U.N. Attempting To Find Diplomatic Solutions In Ukraine

The standoff in Crimea is increasing in intensity and has become a focal point of the ongoing conflict in Ukraine. Host Arun Rath talks to NPR's Michele Kelemen about the diplomatic efforts to resolve the standoff in the region.

Copyright © 2014 NPR. For personal, noncommercial use only. See Terms of Use. For other uses, prior permission required.

ARUN RATH, HOST:

And in response to these developments in Ukraine, the United Nations today held another urgent meeting. Ukraine's ambassador wants to see Security Council members send a strong message to Russia to back off. But a U.N. envoy was unable to go to Crimea today. Russia is a permanent member of the Security Council and has veto power, so there doesn't seem to be much the Security Council can do. President Obama's national security team was also talking about how to respond. President Obama and President Putin did exchange a phone call today. Obama expressed a deep concern for what he called Russia's violation of Ukrainian sovereignty. The United States will suspend upcoming participation in preparatory meetings for the G-8.

NPR's Michele Kelemen joins us now to discuss these diplomatic efforts. Michele, President Obama has said there will be costs to Russia, but what is the U.S. considering?

MICHELE KELEMEN, BYLINE: Well, this is one of the problems. I mean, he didn't spell out what kind of costs there will be. And if you look, for instance, at U.S.-Russian trade relations, there's not much there, so it's hard to figure out, you know, what the U.S. could really do to make this costly to the Russians financially.

Europe, on the other hand, could cut back on its dependence on Russian energy, but it's not clear if the U.S. can persuade Europe to do that or help it fill the energy gaps if it does. And they also don't seem to be considering any sort of military show of force, at least not yet. As one defense official told us today, there's been no change to the U.S. military posture in Europe or the Mediterranean. The focus is on diplomacy.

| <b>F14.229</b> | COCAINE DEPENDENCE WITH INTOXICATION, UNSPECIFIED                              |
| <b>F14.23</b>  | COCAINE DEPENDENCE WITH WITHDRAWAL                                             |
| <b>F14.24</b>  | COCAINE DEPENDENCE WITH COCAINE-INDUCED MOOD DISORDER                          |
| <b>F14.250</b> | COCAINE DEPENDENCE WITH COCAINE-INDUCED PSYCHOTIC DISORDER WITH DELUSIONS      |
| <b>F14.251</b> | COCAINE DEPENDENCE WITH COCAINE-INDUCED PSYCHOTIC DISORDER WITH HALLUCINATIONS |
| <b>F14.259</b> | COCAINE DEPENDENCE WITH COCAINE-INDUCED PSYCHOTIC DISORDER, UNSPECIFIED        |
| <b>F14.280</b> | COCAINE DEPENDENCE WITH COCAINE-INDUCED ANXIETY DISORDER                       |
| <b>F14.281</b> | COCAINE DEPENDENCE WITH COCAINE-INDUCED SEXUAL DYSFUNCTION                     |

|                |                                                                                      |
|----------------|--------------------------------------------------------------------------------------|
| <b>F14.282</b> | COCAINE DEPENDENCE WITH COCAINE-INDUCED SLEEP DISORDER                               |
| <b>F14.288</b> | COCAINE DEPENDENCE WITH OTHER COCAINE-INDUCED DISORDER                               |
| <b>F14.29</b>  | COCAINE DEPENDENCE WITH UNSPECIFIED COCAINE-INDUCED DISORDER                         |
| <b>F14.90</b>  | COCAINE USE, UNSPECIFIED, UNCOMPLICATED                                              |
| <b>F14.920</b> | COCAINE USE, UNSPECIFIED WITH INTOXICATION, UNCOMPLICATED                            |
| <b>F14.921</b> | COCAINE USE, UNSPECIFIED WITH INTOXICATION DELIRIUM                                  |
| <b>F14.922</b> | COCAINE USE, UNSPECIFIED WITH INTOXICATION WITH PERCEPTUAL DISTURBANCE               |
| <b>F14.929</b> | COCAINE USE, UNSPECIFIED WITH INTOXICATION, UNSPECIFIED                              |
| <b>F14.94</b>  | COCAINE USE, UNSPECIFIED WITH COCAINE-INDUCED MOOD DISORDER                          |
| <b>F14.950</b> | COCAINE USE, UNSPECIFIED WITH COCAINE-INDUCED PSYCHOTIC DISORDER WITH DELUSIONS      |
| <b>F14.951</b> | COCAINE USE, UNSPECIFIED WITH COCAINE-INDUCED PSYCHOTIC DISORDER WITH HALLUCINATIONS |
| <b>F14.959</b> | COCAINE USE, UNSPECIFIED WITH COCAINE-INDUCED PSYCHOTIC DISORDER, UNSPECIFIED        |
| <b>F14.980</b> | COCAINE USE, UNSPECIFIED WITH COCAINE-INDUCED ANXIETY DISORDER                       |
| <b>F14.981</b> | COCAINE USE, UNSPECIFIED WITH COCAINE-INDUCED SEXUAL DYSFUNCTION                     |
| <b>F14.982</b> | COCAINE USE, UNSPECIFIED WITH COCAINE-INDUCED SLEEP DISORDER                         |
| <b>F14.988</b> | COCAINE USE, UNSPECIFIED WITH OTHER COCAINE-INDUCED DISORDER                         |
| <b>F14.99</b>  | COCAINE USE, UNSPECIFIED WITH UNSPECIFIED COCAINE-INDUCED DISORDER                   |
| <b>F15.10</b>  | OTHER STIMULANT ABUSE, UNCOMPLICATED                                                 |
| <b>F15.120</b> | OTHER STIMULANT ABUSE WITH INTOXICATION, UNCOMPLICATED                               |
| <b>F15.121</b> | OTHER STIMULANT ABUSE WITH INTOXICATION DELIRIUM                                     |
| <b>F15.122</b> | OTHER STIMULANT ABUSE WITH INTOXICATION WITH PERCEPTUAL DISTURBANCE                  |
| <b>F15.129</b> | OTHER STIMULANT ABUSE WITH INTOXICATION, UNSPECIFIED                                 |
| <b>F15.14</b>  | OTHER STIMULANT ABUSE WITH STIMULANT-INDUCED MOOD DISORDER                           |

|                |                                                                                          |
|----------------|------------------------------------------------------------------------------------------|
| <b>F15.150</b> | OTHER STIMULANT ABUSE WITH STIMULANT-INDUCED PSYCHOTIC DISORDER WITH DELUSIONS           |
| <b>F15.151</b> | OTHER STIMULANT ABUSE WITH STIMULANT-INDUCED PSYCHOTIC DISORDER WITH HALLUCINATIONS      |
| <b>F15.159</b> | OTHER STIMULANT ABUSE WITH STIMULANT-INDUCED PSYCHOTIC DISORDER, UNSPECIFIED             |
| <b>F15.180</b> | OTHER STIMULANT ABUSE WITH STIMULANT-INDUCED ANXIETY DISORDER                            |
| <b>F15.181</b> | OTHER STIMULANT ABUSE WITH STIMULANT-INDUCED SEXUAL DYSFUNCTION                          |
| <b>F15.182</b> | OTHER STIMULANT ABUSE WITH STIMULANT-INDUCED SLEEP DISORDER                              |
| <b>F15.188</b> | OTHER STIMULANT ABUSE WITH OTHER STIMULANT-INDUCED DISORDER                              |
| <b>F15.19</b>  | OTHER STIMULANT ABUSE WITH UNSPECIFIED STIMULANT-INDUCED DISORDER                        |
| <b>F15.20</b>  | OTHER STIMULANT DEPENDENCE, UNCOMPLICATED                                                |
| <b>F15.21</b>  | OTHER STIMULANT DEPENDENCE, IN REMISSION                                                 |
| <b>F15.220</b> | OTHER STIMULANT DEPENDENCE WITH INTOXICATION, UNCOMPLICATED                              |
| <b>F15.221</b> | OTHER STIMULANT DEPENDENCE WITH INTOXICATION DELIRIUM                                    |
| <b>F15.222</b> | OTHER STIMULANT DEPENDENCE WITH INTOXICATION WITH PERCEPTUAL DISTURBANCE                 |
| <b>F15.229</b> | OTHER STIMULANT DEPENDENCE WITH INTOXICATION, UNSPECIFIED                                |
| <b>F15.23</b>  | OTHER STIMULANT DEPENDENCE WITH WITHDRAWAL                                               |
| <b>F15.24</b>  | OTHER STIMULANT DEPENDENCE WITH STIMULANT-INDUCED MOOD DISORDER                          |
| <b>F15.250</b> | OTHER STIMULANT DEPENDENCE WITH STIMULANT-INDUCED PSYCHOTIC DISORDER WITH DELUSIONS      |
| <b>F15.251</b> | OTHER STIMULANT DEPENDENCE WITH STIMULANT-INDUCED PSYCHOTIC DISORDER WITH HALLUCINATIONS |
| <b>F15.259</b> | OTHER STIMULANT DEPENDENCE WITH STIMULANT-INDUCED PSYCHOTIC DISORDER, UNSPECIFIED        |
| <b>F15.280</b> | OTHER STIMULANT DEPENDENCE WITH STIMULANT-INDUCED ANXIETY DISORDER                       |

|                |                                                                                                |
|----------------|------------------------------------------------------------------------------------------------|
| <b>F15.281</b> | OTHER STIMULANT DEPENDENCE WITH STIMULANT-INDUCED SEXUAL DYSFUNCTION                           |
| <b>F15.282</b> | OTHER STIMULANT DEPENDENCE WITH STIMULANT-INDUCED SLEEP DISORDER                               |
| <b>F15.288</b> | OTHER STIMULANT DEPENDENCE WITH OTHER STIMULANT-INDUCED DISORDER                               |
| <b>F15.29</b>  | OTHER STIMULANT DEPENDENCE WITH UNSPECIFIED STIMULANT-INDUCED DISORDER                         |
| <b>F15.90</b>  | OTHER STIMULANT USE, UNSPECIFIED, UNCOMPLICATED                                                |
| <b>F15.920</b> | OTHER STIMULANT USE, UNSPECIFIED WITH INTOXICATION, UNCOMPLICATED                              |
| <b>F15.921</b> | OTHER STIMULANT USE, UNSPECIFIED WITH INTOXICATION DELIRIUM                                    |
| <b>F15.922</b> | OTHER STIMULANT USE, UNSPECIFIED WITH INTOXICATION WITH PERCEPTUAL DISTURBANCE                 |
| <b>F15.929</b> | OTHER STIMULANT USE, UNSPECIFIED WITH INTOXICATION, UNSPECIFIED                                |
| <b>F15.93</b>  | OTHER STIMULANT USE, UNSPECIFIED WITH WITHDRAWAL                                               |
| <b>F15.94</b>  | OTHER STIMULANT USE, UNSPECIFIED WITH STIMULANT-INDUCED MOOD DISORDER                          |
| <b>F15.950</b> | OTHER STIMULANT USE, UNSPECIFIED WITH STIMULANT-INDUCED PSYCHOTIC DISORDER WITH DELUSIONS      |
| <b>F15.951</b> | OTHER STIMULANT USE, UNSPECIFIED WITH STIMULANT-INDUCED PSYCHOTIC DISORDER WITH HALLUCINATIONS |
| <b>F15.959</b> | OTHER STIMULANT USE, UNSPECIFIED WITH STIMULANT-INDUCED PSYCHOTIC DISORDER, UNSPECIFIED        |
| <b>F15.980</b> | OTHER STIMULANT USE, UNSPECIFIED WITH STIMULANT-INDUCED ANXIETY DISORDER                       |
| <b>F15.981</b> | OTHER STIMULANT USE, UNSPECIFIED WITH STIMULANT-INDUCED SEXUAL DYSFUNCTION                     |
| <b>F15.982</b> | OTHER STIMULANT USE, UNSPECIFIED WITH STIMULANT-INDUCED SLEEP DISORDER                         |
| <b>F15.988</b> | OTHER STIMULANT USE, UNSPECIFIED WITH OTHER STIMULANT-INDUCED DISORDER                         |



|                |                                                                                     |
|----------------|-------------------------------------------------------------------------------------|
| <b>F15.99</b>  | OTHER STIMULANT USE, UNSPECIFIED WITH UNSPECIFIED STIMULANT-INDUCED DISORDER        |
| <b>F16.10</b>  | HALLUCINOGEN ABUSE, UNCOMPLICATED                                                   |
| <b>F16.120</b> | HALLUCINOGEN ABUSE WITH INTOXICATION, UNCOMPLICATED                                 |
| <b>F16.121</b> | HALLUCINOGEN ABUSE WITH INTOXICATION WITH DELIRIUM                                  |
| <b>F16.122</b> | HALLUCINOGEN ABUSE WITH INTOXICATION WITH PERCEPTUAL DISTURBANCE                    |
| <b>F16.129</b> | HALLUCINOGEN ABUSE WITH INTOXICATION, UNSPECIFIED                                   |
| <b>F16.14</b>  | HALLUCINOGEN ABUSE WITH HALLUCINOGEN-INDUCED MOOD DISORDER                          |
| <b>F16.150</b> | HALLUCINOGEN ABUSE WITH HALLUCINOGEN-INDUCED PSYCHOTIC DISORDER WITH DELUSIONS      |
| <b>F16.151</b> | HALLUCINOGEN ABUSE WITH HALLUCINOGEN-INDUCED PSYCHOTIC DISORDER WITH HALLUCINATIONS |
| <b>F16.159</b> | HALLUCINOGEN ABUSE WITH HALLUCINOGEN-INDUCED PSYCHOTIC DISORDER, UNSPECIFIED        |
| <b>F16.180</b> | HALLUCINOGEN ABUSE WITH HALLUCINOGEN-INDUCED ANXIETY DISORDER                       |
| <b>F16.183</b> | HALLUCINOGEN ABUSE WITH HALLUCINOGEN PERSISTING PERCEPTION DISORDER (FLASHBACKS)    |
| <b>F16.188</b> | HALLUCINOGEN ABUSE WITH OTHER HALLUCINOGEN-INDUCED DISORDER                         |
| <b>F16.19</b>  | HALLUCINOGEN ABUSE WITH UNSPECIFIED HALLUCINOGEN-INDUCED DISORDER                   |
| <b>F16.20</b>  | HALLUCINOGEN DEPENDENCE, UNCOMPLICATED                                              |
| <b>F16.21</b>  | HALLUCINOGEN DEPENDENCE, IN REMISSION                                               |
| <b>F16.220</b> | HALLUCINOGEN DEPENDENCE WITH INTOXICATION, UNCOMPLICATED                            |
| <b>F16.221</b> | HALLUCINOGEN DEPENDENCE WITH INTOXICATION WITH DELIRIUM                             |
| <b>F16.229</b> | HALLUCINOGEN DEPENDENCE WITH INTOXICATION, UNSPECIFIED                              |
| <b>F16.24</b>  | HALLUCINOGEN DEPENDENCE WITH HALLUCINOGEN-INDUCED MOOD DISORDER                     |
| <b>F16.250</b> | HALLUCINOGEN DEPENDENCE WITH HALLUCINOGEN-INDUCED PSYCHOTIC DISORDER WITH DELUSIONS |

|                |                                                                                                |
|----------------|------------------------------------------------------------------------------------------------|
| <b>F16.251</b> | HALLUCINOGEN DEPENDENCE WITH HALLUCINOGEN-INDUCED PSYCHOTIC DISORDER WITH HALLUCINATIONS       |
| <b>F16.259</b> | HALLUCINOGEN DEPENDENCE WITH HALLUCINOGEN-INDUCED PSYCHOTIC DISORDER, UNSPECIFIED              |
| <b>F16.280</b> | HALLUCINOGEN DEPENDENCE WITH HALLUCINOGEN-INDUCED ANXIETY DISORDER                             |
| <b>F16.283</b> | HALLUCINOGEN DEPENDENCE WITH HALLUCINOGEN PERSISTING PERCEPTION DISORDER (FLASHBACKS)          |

That said, NATO announced a meeting of the North Atlantic Council tomorrow, on Sunday. Defense Secretary Chuck Hagel called his Russian counterpart. And as you mentioned, at the White House today, Hagel and other national security staff did meet to discuss the situation. We're told President Obama was not at that meeting.

RATH: And also on the diplomatic front, there's been some activity at the U.N. today. What's been going on there?

KELEMEN: Well, you know, they spent a good 45 minutes just talking about the format of the meeting, and Russia complained about that. Finally, they did decide to have an open session, which is, you know, a step up from the normal consultations. It was a chance to air concerns about what's happening. The deputy secretary general called for cool heads to prevail. Members of the council have a chance to raise their concerns.

And Ukraine's ambassador made a plea to all the countries to do whatever they can to stop, as he put it, the Russian aggression. He says there's still time. He was glad to hear that Secretary General Ban Ki-moon was trying to call Putin, even if Ban Ki-moon's envoy didn't make it into Crimea today as planned. The Ukrainian ambassador really urged everyone just to keep sending a message to Putin and supporting Ukraine's territorial integrity.

RATH: And in these discussions, the Ukrainians seem to be talking a lot about a 1994 agreement on non-interference. What's that about?

KELEMEN: It's called the Budapest memorandum. I mean, this was a time when Ukraine agreed to give up its nuclear weapons arsenal, these weapons that were left over from Soviet times. And at the time, the U.S., U.K., Russia and Ukraine got together, and they agreed to respect the territorial integrity of Ukraine - it was a non-interference pact, of course.

So the Ukrainians are bringing this up now hoping that the U.S., U.K. and others will do something to punish Russia for abrogating it. But it's not clear whether it will really force U.S., U.K. or anybody else's hands.

RATH: NPR's Michele Kelemen. Michele, thank you.

KELEMEN: Thank you.

Copyright © 2014 NPR. All rights reserved. No quotes from the materials contained herein may be used in any media without attribution to NPR. This transcript is provided for personal, noncommercial use only, pursuant to our Terms of Use. Any other use requires NPR's prior permission. Visit our permissions page for further information.

NPR transcripts are created on a rush deadline by a contractor for NPR, and accuracy and availability may vary. This text may not be in its final form and may be updated or revised in the future. Please be aware that the authoritative record of NPR's programming is the audio.

Comments

 

Please keep your community civil. All comments must follow the NPR.org Community rules and terms of use, and will be moderated prior to posting. NPR reserves the right to use the comments we receive, in whole or in part, and to use the commenter's name and location, in any medium. See also the Terms of Use, Privacy Policy and Community FAQ.

Support comes from: